To bump up the scare factor even further, the Velociraptor in the Jurassic films are really big. In reality, however, the actual Velociraptor is kind of tiny — about the size of a turkey, Lacovara says. “If a Velociraptor's in your kitchen, it's actually not that big of a problem,” he points out.

In the film, actor Chris Pratt plays a kind of dino whisperer — something like a Sea World trainer, but with Velociraptors instead of dolphins. Zanno found this wonderful and utterly improbable.

“If you could do that, I'd be so on board,” she says, with a laugh. “I can't think of anything cooler than riding around town with my own pack of Velociraptor. But Velociraptor were extraordinarily intelligent for their day, and they're only about as smart as the dumbest of the living dinosaurs — which we call birds. So, it's probably a little out of the question that you could really train them for this kind of purpose.”

One of the other stars of the movie is a gigantic Mosasaur, one of Lacovara’s favorites. But Mosasaur isn’t actually a dinosaur — it’s a marine reptile.

“This thing is a sea monster," he says. "Imagine a Komodo dragon that's as long as a school bus, has paddles for limbs, a very long jaw, and then inside its mouth at the top of its throat it has a second set of teeth that point backwards to keep you from swimming back out."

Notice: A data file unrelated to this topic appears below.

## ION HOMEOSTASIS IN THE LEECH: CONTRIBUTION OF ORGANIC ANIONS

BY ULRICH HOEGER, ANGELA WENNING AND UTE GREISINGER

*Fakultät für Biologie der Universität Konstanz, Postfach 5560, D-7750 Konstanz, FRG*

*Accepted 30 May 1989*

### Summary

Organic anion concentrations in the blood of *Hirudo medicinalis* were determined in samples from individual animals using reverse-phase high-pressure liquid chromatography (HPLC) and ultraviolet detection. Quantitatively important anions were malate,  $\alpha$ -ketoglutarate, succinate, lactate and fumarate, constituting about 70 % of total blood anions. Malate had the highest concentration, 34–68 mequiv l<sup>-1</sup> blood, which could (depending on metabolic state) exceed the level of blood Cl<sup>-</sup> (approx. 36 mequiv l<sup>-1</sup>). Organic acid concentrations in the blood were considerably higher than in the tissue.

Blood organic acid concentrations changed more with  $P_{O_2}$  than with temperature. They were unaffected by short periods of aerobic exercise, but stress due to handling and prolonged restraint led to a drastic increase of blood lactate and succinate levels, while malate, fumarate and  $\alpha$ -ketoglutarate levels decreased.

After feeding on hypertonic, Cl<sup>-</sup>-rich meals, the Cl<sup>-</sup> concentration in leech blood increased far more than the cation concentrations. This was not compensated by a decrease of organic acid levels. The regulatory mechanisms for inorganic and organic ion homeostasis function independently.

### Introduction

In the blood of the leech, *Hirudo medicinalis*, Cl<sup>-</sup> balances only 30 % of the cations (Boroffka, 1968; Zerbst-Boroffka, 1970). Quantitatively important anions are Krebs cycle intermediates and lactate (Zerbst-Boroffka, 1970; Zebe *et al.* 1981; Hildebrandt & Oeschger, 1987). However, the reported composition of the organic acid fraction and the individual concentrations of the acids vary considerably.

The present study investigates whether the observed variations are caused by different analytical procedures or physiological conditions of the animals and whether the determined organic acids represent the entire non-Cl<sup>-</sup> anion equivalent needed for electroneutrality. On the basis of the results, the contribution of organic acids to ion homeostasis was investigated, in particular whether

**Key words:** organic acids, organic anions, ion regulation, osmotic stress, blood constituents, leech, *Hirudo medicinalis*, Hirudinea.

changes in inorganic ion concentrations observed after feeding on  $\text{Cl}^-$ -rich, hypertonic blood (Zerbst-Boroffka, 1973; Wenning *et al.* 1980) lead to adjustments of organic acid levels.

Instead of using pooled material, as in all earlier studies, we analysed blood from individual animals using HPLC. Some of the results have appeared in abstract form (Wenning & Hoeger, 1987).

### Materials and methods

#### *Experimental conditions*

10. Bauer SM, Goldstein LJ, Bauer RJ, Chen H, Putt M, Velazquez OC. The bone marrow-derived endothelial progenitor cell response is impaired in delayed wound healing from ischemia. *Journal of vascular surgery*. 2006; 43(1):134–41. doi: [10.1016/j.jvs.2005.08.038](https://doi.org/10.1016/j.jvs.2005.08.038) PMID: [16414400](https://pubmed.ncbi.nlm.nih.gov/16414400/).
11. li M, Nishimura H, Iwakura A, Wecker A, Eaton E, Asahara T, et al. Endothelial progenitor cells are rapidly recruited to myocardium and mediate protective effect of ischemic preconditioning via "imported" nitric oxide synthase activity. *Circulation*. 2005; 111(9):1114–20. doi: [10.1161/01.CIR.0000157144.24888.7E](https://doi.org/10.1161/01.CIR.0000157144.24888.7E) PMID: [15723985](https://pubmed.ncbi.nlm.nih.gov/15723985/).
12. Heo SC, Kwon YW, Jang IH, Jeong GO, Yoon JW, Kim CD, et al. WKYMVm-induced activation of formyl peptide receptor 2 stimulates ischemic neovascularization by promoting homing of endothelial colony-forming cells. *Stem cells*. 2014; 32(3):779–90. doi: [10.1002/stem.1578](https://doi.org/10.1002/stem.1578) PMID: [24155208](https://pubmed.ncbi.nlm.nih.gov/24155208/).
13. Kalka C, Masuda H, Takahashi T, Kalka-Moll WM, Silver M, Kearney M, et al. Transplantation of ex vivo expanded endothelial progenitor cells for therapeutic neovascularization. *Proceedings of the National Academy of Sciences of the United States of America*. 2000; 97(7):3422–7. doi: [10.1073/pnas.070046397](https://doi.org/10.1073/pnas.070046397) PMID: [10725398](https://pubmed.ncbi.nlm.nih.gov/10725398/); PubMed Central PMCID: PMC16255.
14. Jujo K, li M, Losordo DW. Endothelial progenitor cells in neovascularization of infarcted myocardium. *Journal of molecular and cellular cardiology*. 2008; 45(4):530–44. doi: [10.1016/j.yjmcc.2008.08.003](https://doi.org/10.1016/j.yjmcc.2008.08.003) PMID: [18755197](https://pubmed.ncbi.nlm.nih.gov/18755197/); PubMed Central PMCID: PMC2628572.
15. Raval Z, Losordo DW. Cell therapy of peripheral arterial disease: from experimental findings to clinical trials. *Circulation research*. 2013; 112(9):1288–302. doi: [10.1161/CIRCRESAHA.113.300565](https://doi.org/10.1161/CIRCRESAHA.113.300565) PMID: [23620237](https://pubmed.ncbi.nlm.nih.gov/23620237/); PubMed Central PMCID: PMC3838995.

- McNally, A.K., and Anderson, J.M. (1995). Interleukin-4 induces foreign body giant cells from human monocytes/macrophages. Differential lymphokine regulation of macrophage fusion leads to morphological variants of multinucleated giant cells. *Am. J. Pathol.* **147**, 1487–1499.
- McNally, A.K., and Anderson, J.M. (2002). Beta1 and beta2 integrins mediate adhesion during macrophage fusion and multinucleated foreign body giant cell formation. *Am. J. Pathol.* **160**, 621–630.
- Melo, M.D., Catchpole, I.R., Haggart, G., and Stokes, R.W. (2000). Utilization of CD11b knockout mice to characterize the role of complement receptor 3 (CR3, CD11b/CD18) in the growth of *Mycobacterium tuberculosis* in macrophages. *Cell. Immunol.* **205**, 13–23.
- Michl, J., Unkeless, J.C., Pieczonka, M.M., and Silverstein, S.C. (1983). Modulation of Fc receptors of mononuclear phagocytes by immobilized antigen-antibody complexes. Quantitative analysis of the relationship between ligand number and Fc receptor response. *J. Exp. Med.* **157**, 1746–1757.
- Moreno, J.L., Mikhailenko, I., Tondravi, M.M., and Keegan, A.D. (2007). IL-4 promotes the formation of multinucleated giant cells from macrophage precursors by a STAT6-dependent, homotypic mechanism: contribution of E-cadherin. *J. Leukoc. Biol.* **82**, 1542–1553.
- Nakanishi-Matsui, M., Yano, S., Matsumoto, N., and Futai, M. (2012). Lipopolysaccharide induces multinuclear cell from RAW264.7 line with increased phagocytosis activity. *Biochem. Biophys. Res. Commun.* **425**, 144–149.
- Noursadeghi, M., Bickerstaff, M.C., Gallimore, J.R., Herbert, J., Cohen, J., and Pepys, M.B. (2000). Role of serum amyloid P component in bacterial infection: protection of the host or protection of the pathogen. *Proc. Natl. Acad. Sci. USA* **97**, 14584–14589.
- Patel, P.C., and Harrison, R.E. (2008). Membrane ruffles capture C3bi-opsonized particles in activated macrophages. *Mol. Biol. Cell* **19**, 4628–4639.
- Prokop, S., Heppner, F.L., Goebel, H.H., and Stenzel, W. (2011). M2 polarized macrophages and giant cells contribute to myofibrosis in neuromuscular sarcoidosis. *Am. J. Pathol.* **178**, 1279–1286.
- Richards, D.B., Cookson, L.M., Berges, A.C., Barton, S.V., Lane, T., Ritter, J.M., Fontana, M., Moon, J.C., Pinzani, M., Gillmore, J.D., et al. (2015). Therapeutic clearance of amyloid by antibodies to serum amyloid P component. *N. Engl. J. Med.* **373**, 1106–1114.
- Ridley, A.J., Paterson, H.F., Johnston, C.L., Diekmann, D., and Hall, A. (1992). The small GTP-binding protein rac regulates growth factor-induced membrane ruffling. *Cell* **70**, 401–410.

Lacovara says he was looking very closely when the Mosasaur appears and noticed the film’s creators had included those palate teeth at the top of the throat. “You’ve got to give them kudos for that one,” he says. “That's something pretty obscure that they got right in the movie.”

Behind the good fun of quibbling with Hollywood movie depictions of dinosaurs lurks a more serious concern for paleontologists and other scientists: a 2010 survey which found that 40 percent of Americans believe dinosaurs and humans lived at the same time.

This number reflects a disappointingly low acceptance in the US for the theory of evolution, Lacovara says — and it has been disappointingly low for decades. “If you don't think that the Earth is old, then you probably think that humans and dinosaurs lived together. That's a problem [for] our educational system.”

Zanno is quick to point out that, in a way, those who believe humans co-existed with dinosaurs are correct — just not in the way they think they are.

“We talk about de-extinction in dinosaurs and bringing them back to life, but you don't need a Jurassic Park to watch a dinosaur or have an interaction with a dinosaur, because they're not gone,” she says.

Zanno is, of course, talking about birds, the only dinosaurs to survive the cataclysmic event that destroyed all the others.

“If I had to pick one dinosaur group to make it through that extinction event, I can't think of a better group than birds,” she says. “I mean, can you imagine bringing sauropods back to life and having them wreak havoc? These long-necked 100 foot long dinosaurs? You wouldn't want to do that.”

Well, actually you might — if you like to make scary movies.

This article is based on an interview that aired on PRI's Science Friday with Ira Flatow